Sprite3D and What's Next

Daniel Sperl on October 21, 2014

Last week was the Flash Online Conference #10, featuring sessions about many current and upcoming projects around Flash and AIR. There were lots of really interesting talks from Adobe engineers as well as framework developers. For example, Chris Campbell spoke about the Flash roadmap, and Josh Tynjala showed the brand new version of Feathers. It was an amazing event that underlined just how much is going on right now in the Flash ecosystem!

I was invited to this conference as well, and I had prepared a lengthy presentation about the upcoming Starling version and the future roadmap. However, it somehow was not meant to be — due to technical problems, I repeatedly dropped out of the broadcast and could not show the presentation to you.

However, I’m now making up for these problems with this blog post! The advantage: you’re not bound to any real-time restrictions and can read & watch whenever you’ve got the time. ;-)


I’m currently working hard on the next official release of Starling, which is going to be version 1.6. As always, the new version is stuffed with bug fixes and optimizations; but there’s one new feature that I’m especially proud of, and I know that many of you have been waiting for this a long time.

That feature is the new “Sprite3D” class. Basically, it allows you to take any display object and move it around in a three-dimensional coordinate system. This means that you’ve now got a real perspective projection — useful not only for special effects, but for whole new concepts Starling wasn’t capable of in the past!

In fact, to really appreciate the power that this feature brings, you have to see it live. Start the video below and watch me sprucing up a simple game of memory by adding some fancy 3D transitions!

[Update: The project used in this video is now available on GitHub.]

Not too bad, right? Now, before you start playing around with this feature (it’s already part of the latest development version), let me tell you a little more about it.

First of all, you might ask: why is there a new class? I could have added the new 3D properties to the standard “DisplayObject” class, after all (like it was done in Flash 10).

Well, at its heart, Starling is still a 2D engine. All the code that you’ve written in the past was 2D; that includes custom display objects with your own AGAL code. By having the 3D logic in a separate container, I could make sure that all of the old code still works. Even more important: new code doesn’t get any more complicated than before, because all of your objects are still plain and simple 2D objects. The only difference is that you can now move them around in space — with the help of “Sprite3D”.

This doesn’t mean that you’re restricted to flat objects, though. This picture, for example, shows a combination of six Sprite3Ds combined to form a cube. (Yes, you can put a Sprite3D in a Sprite3D!)

Nevertheless: Starling is not a 3D engine, and this means that there are a few limitations you should be aware of:

  • Starling still does not make any depth tests. (Visibility is determined solely by the order of children.)
  • One Sprite3D means one draw call. (Update: Except when your sprite is in fact not 3D transformed; Starling will treat it just like a normal 2D object then. This mitigates the problem for a great part.)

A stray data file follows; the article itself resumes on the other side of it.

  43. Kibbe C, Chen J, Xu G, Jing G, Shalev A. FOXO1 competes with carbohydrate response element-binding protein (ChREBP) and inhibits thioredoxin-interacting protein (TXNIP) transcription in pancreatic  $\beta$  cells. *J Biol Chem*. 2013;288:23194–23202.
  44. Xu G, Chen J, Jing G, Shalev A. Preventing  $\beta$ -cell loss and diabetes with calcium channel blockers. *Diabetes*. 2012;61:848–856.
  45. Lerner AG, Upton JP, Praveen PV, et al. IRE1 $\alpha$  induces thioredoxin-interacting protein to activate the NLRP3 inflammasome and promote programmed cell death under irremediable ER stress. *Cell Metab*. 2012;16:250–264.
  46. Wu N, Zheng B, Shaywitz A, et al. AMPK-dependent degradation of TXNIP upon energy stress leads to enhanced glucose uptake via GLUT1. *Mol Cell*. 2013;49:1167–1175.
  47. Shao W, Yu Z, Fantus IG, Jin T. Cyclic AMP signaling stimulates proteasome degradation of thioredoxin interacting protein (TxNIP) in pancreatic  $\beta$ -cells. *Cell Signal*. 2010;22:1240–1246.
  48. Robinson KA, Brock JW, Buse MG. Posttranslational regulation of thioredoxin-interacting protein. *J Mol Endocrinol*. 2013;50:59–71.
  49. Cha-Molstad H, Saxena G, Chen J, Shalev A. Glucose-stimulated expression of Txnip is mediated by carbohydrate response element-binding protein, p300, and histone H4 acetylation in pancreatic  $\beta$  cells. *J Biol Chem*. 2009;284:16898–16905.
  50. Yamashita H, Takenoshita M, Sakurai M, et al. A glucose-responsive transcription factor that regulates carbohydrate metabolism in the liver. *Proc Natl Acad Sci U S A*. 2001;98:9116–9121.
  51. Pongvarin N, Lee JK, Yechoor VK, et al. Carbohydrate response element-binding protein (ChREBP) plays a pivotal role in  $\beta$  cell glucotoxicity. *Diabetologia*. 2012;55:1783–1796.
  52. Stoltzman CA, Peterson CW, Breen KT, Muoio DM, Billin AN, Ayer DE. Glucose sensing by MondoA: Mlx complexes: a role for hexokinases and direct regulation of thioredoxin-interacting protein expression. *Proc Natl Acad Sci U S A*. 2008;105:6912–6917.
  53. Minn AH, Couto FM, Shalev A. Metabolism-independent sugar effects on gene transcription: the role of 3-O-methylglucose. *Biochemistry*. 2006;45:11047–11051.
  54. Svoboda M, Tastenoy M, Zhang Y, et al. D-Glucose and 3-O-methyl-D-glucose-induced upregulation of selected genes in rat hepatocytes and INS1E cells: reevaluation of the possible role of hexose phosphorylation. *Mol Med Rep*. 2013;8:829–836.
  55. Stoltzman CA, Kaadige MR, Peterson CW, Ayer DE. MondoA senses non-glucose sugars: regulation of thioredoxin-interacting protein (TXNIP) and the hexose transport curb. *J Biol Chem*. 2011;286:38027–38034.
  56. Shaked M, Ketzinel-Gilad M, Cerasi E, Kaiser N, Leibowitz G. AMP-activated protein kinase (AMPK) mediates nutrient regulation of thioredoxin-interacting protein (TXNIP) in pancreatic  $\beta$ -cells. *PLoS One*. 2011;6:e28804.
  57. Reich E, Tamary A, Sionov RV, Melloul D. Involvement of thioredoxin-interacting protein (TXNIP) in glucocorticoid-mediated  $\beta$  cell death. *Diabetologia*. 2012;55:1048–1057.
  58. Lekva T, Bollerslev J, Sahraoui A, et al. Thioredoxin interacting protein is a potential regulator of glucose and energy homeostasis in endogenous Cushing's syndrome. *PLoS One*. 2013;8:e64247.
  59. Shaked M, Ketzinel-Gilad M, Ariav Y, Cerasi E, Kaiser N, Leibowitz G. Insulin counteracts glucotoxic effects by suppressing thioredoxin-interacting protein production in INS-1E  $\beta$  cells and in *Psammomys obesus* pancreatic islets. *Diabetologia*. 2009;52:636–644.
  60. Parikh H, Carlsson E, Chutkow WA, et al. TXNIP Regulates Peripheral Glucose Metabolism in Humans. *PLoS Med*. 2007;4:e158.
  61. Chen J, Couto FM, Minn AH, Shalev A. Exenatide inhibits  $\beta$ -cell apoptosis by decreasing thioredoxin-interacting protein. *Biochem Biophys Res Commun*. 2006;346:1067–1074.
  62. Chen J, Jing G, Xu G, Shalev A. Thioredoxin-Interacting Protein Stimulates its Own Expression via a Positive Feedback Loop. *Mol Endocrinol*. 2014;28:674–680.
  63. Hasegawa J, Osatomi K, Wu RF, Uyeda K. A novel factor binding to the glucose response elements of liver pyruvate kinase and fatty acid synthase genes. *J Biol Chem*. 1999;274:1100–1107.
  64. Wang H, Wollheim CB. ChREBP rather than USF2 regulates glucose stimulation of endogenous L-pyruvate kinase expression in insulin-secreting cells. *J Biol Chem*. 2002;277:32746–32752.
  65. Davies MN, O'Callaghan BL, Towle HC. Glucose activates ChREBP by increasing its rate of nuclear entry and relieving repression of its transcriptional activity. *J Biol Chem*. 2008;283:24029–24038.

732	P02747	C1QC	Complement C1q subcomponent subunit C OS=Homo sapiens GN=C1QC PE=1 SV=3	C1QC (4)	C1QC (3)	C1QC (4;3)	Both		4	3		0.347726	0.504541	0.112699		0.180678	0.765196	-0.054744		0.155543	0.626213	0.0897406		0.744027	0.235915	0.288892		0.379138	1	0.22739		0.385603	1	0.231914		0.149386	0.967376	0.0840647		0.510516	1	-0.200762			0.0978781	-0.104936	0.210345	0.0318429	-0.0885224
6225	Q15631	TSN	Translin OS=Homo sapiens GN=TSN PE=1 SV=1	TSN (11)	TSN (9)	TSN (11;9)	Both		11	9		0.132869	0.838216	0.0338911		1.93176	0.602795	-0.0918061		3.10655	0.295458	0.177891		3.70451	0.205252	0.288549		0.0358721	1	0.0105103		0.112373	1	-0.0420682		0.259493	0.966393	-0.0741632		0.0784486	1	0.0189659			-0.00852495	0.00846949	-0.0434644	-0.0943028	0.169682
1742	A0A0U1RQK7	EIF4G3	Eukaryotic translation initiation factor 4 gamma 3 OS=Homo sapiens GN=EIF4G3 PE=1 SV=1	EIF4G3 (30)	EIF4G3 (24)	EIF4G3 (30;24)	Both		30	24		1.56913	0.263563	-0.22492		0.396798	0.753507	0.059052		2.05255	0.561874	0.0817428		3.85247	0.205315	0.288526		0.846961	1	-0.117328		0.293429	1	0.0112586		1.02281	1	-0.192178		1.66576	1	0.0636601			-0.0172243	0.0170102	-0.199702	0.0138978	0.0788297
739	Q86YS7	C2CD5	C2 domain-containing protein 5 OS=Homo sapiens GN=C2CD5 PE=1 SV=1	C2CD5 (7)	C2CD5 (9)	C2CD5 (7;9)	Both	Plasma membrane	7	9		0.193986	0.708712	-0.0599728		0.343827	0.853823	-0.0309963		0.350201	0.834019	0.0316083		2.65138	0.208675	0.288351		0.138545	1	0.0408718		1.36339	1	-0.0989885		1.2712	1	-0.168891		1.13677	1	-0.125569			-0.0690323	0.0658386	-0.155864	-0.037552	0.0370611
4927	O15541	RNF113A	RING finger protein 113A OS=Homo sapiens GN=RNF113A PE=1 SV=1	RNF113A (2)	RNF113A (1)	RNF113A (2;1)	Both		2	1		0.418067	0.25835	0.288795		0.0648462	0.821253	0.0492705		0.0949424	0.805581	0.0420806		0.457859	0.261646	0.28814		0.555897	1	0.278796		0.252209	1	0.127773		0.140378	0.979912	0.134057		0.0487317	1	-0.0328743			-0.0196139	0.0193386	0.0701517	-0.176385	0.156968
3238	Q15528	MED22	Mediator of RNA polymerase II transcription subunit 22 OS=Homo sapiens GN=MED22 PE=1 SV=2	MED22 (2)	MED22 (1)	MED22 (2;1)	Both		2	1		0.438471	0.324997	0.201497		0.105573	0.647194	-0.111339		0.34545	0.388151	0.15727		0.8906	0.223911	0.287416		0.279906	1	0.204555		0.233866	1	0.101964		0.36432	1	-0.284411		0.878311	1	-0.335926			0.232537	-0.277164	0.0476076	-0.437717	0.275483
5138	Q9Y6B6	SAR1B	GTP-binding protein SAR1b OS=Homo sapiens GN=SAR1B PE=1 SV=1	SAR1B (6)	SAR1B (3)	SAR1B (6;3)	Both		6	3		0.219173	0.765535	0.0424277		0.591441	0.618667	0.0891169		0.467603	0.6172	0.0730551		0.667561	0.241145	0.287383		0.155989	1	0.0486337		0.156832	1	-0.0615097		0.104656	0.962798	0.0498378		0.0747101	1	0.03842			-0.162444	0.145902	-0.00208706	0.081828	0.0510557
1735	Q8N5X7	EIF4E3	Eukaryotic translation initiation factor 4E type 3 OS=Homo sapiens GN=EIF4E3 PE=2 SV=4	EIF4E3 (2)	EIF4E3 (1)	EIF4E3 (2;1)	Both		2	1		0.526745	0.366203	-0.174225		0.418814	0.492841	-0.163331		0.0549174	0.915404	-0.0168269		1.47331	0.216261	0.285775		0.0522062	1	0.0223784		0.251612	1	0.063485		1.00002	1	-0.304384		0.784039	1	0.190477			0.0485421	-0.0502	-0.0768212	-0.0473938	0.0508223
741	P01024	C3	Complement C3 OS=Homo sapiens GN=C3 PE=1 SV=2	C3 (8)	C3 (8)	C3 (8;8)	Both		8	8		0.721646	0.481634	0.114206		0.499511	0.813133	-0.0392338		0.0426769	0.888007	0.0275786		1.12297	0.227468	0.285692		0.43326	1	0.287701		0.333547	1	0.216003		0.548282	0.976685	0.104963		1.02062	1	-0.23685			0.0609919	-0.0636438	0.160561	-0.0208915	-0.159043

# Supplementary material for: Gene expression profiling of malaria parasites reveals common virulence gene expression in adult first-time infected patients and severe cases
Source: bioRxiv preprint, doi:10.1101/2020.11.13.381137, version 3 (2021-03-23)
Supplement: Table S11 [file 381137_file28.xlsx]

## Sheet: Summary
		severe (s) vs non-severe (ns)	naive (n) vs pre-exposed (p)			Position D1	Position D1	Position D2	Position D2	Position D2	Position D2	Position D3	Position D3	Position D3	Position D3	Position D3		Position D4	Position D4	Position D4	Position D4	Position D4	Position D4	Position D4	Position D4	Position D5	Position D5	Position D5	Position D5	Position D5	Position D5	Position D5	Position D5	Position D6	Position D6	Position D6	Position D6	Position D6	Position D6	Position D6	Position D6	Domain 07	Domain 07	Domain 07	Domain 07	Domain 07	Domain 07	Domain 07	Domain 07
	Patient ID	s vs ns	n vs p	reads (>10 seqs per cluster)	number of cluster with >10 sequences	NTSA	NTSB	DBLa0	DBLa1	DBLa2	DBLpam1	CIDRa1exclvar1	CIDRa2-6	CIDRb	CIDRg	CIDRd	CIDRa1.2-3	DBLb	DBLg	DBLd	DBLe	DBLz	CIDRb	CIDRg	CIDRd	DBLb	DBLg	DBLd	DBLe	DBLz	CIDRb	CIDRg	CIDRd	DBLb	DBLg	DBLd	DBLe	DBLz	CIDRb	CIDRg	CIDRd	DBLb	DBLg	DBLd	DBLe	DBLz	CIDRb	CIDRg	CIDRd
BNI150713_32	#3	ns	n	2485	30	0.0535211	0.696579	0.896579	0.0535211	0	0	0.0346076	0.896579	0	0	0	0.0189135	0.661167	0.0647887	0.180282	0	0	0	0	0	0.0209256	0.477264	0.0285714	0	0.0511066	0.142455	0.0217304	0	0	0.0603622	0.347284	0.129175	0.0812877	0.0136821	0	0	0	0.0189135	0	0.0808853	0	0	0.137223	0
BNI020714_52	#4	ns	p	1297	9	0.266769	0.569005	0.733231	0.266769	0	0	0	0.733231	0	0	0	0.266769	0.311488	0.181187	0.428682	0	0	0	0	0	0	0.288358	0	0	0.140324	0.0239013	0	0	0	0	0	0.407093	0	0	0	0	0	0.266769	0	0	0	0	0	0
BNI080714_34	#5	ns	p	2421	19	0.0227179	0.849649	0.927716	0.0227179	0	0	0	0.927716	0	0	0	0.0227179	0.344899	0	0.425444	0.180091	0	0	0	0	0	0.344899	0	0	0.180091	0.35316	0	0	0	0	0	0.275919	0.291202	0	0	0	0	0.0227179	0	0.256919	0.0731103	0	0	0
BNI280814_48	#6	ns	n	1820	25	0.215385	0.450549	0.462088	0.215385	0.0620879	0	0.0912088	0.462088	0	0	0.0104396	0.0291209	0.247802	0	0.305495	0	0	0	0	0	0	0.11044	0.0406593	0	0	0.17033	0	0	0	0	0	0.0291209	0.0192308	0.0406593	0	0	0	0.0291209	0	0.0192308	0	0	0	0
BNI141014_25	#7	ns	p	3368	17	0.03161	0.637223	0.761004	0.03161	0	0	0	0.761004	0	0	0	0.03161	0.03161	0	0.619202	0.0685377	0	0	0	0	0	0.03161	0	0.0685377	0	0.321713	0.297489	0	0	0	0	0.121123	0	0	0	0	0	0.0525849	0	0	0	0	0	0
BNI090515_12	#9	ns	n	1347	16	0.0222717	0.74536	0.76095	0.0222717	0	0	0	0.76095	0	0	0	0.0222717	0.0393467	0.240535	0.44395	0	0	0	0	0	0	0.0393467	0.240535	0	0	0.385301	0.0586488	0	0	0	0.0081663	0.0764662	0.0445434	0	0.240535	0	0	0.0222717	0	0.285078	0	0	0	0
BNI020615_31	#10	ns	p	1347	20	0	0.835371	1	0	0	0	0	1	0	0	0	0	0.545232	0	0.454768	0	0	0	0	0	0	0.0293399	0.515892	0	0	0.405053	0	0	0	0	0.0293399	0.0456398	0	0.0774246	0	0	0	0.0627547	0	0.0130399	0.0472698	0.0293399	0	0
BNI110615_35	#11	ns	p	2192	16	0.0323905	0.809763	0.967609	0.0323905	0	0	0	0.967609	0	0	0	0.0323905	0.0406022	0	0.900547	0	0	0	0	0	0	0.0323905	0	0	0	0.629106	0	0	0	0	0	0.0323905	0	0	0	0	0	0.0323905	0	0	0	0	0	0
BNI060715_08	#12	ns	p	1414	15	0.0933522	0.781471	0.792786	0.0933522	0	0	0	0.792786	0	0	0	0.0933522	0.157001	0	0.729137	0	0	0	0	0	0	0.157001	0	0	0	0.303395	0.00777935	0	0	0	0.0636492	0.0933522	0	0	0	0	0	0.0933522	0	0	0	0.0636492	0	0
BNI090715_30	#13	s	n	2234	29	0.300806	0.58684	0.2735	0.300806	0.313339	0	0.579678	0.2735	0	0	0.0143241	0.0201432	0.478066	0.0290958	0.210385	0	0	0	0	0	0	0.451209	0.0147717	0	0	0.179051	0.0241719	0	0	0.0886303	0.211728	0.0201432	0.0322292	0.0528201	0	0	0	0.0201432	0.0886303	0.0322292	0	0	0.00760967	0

• You cannot call “flatten” on a Sprite3D. (But you can flatten objects inside a Sprite3D.)
  • You cannot call “cache” on a filter that’s on top of a Sprite3D. (Uncached filters work fine, though.)

Other Changes

That’s not the only change that you can look forward to, of course. Starling 1.6 contains many under-the-hood enhancements!

For example, the recent release of Flash / AIR 15 brought a change that relaxed the ways that RenderTextures can be used. Thanks to this, I could finally enable Starling to support nesting of filters! I.e. you can now add a full-screen filter to a scene that already contains filtered objects.

Thanks to the same enhancement, I could reduce the memory requirements of “persistent” RenderTextures by 50%, because I no longer need to use double-buffering. This also means that drawing into such a texture is now faster than before (one less draw call).

Other enhancements include parallel asset loading in the AssetManager — drastically reducing your loading times — and an updated “Button” class, which now contains “over” and “disabled” states. Of course, I’ll describe all those changes in detail when the new version comes out, which should be sometime within the next 4-6 weeks!

Roadmap for 2015

After this release, I’ll start to work on the following features:

  • Stencil masks (fast masking with arbitrary shapes)
  • FragmentFilter chaining (adding several filters on one display object)
  • Custom batching

The latter will probably require some changes to the public APIs of Starling, in which case this will be released as a new major version (Starling 2.0). The idea is that people should be able to write their own renderers and to efficiently batch together even custom display objects.

As always, I can’t give any time schedule on this — but rest assured, I’m working hard to get those features in your hands as quickly as possible!

That’s it for today! I hope you liked this little peak into Starling 1.6 and the upcoming roadmap. Feel free to ask any questions below, or to tell me what else I should add to the upcoming releases!